For a clean solder joint take a small wet sponge and place it in a bowl and each time you go to solder a joint or anything run the tip across the sponge and a clean joint will always happen.

 

http://www.aaroncake.net/electronics/solder.htm

 

Rosin core solder is the good old stand by choice of solder for electronic repairs.

 

https://electronics.stackexchange.com/questions/3/what-are-the-different-types-of-solder-used-for

 

https://www.jameco.com/shop/keyword=60/40-rosen-core-solder

 

 

My 2 cents. :)


Edited by The-Toolman, 13 November 2017 - 12:21 PM.

Linux Peppermint 7 (64 Bit) Dell Dimension E521 (06 / 11 / 2007) / Amd Athlon 64 X2 4000+ Processor (2.1 GHz, 1024 KB L2 Cache, rev. G1, Socket AM2) / Samsung Memory DDR2, 4.0 GB, 533 MHz FSB / Nvidia GeForce 6150 LE [C51] Integrated Graphics Adapter.

 

Linux Peppermint 8 (32 Bit) / Dell Optiplex 360 (11 / 28 / 2008) / Intel Core 2 Duo Processor E6300 Conroe (1.86 GHz, 1066 MHz FSB, 2M Cache, LGA 775 Socket) / DDR2 Memory 3.0 GB, 800 MHz FSB / Graphics Card Nvidia GeForce 7300 LE [G72] PCIE.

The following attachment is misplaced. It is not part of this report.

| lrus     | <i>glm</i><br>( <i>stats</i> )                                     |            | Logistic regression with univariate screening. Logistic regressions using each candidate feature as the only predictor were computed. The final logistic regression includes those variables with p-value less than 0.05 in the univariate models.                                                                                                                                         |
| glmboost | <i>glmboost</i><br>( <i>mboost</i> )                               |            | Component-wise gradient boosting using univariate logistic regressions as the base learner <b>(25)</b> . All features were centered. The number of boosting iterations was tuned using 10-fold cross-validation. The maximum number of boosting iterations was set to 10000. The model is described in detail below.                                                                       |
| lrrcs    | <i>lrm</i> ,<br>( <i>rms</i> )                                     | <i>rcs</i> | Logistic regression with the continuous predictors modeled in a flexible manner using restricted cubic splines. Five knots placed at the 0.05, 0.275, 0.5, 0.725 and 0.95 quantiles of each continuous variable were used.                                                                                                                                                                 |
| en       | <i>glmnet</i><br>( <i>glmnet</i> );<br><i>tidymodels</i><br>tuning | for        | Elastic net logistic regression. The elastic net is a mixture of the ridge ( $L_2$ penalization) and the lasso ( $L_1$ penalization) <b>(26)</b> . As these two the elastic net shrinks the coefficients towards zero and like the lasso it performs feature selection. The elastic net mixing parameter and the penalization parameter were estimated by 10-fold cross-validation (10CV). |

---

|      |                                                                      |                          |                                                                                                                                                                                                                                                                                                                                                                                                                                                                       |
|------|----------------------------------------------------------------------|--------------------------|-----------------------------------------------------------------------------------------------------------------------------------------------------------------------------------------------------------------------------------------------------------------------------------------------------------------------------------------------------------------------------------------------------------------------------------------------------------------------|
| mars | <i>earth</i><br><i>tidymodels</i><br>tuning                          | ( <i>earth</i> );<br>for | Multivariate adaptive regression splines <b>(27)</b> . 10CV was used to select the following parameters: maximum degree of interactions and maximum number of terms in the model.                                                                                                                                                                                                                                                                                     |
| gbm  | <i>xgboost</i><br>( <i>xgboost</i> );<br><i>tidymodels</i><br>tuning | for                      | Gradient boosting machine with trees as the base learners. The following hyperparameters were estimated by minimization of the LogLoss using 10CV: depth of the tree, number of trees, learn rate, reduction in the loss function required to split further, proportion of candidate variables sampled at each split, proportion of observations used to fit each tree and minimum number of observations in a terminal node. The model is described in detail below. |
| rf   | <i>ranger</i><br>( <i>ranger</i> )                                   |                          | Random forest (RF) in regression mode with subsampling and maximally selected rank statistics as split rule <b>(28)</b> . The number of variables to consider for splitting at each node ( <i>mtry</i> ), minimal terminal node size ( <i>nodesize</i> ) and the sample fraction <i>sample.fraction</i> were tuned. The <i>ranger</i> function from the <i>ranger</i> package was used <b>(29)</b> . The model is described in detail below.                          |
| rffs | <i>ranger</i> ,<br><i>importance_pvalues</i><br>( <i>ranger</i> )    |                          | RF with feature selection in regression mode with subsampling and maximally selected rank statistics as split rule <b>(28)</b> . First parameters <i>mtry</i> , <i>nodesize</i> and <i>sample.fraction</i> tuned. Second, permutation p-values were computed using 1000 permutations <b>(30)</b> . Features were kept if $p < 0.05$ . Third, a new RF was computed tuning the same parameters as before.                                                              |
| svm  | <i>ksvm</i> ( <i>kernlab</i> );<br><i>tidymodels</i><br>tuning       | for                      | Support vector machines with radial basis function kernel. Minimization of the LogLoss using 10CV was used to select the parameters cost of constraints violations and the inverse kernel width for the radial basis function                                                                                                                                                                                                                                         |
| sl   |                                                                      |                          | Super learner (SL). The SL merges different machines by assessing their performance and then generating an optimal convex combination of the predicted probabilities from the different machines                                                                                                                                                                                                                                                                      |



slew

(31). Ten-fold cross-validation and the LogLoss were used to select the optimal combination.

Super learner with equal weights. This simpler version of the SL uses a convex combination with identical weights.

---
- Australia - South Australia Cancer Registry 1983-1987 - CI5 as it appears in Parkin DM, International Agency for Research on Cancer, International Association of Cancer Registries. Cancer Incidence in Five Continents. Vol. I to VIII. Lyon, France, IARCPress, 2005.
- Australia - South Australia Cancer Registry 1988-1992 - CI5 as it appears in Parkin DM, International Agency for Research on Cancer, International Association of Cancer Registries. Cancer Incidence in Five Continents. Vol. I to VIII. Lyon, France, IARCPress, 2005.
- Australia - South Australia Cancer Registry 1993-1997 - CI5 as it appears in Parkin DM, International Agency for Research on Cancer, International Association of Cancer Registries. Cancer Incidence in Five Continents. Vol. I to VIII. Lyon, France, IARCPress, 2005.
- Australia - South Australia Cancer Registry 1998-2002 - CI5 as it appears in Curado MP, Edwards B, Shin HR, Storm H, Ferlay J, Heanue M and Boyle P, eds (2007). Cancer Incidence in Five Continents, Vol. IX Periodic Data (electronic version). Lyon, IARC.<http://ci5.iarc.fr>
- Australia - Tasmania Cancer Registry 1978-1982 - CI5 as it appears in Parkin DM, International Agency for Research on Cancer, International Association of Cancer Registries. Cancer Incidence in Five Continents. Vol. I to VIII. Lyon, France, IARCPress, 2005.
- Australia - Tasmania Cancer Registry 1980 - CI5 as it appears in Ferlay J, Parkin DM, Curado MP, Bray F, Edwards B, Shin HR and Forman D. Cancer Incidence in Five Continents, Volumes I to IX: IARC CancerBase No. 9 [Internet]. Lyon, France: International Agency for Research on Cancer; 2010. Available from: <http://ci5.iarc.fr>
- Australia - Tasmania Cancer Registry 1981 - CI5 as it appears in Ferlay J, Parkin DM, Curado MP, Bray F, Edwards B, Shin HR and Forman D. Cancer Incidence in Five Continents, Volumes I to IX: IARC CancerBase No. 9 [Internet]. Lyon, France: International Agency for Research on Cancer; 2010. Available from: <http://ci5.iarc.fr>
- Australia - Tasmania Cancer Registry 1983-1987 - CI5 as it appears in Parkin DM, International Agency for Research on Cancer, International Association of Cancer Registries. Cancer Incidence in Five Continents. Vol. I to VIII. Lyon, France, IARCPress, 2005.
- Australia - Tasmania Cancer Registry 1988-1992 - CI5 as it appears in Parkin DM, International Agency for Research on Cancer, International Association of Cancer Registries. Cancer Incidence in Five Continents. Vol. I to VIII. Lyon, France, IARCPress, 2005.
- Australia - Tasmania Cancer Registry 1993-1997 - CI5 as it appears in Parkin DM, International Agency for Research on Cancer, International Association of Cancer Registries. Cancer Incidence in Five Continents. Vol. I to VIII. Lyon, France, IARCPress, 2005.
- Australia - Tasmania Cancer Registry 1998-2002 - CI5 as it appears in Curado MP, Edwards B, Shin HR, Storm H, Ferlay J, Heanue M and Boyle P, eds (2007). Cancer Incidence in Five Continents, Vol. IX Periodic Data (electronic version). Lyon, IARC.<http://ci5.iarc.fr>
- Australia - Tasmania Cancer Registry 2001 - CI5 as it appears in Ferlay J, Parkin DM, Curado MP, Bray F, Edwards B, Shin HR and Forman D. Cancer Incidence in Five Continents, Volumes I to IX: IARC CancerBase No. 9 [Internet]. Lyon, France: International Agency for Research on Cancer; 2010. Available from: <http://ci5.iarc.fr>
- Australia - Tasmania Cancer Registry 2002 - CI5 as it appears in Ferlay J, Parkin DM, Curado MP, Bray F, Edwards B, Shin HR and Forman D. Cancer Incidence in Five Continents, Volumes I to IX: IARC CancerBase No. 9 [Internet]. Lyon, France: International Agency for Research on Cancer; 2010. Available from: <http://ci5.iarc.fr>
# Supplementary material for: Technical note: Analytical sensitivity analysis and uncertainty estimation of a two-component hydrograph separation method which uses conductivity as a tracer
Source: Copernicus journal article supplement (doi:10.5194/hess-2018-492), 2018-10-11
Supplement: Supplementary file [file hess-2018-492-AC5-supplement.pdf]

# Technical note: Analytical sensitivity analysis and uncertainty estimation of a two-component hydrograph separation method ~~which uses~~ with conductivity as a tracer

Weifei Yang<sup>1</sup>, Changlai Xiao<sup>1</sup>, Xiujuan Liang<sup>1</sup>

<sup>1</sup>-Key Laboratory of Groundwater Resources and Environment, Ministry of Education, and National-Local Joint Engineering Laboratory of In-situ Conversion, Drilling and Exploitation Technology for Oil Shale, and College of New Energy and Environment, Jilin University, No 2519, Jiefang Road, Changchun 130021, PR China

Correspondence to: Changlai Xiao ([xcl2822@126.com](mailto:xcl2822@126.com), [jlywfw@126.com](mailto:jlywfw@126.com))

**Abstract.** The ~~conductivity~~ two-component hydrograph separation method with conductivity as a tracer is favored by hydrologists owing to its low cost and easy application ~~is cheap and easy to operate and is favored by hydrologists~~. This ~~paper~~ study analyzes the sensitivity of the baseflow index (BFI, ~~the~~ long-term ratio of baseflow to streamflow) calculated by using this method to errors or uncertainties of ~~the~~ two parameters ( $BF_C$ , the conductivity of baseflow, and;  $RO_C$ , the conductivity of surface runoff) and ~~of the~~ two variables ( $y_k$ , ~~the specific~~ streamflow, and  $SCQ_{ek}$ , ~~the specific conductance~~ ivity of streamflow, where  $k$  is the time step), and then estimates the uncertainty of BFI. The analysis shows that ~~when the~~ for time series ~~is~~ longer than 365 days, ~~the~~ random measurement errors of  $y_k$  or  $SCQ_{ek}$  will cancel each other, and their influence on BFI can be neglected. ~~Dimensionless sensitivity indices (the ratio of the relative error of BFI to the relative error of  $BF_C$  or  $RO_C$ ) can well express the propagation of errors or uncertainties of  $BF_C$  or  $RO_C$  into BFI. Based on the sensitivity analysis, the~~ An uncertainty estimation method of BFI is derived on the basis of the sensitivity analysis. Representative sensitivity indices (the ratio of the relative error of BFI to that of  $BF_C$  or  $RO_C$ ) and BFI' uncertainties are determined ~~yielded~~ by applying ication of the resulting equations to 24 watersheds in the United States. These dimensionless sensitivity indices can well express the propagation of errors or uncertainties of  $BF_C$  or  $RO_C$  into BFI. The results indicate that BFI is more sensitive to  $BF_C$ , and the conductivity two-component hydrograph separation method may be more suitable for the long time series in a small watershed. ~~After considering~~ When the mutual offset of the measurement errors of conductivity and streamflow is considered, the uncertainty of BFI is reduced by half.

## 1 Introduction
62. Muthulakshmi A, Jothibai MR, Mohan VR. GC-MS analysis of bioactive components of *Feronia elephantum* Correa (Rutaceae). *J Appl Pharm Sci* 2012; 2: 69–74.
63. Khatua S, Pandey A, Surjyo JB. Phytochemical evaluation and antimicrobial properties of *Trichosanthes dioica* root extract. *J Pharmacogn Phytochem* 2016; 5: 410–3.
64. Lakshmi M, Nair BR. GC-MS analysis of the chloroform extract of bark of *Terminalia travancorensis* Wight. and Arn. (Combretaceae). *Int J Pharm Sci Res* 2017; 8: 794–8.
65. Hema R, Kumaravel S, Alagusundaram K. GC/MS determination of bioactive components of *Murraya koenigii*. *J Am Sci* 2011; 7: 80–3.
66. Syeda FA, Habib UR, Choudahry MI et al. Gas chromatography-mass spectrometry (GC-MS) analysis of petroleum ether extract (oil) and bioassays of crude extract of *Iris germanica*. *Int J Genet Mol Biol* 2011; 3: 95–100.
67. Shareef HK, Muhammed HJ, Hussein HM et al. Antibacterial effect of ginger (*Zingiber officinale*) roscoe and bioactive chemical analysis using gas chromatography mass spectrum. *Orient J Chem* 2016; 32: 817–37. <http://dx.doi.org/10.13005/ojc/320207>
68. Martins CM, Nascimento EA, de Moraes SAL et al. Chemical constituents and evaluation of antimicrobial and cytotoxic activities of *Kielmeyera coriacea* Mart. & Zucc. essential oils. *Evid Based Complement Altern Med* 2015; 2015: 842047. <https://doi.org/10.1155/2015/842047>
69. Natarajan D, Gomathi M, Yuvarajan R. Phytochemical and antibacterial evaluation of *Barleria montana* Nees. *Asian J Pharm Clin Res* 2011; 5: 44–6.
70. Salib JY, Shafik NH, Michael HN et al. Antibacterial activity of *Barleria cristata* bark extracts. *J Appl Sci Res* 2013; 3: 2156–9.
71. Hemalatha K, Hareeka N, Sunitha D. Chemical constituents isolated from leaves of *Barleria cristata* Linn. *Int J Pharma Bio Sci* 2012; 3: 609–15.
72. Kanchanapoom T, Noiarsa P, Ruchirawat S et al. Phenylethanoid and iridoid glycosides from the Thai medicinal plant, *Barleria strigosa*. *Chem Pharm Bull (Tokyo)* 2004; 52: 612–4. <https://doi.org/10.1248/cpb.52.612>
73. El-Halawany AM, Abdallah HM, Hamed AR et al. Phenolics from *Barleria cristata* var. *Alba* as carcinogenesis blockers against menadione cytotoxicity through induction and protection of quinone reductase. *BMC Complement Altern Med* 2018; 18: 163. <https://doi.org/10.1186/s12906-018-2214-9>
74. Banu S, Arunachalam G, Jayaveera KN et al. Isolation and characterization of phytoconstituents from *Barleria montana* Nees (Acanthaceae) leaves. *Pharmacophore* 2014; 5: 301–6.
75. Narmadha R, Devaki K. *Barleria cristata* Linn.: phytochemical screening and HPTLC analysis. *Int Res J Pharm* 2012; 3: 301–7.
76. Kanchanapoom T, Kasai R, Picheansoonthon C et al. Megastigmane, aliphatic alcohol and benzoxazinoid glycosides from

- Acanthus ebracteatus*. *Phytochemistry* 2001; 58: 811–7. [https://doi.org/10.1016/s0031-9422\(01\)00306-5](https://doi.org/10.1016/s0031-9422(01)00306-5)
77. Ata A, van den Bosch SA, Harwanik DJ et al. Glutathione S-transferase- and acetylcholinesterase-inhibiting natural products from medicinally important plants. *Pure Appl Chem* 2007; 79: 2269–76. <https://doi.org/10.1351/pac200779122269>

#8 britechguy

britechguy

    Been there, done that, got the T-shirt


  • Moderator
  • 5,278 posts
  • ONLINE
  •  
  • Gender:Male
  • Location:Staunton, VA
  • Local time:12:39 PM

Posted 13 November 2017 - 11:00 AM

I'll also chime in that I have had great success with a 30W small tipped soldering iron when working with electronics.

 

I have cursed at both desoldering pumps and desoldering braid.  I now tend to favor desoldering braid/wick because if you hold it in place on the joint as you heat it as soon as the solder liquifies the braid is hot enough to soak it up immediately.


Brian  AKA  Bri the Tech Guy (website address in my profile) Windows 10 Home, 64-bit, Version 1709, Build 16299

       

    Plus ça change, plus c'est la même chose
              

 


#9 mjd420nova

mjd420nova

  • Members
  • 1,474 posts
  • OFFLINE
  •  
  • Gender:Male
  • Local time:09:39 AM

Posted 13 November 2017 - 11:43 AM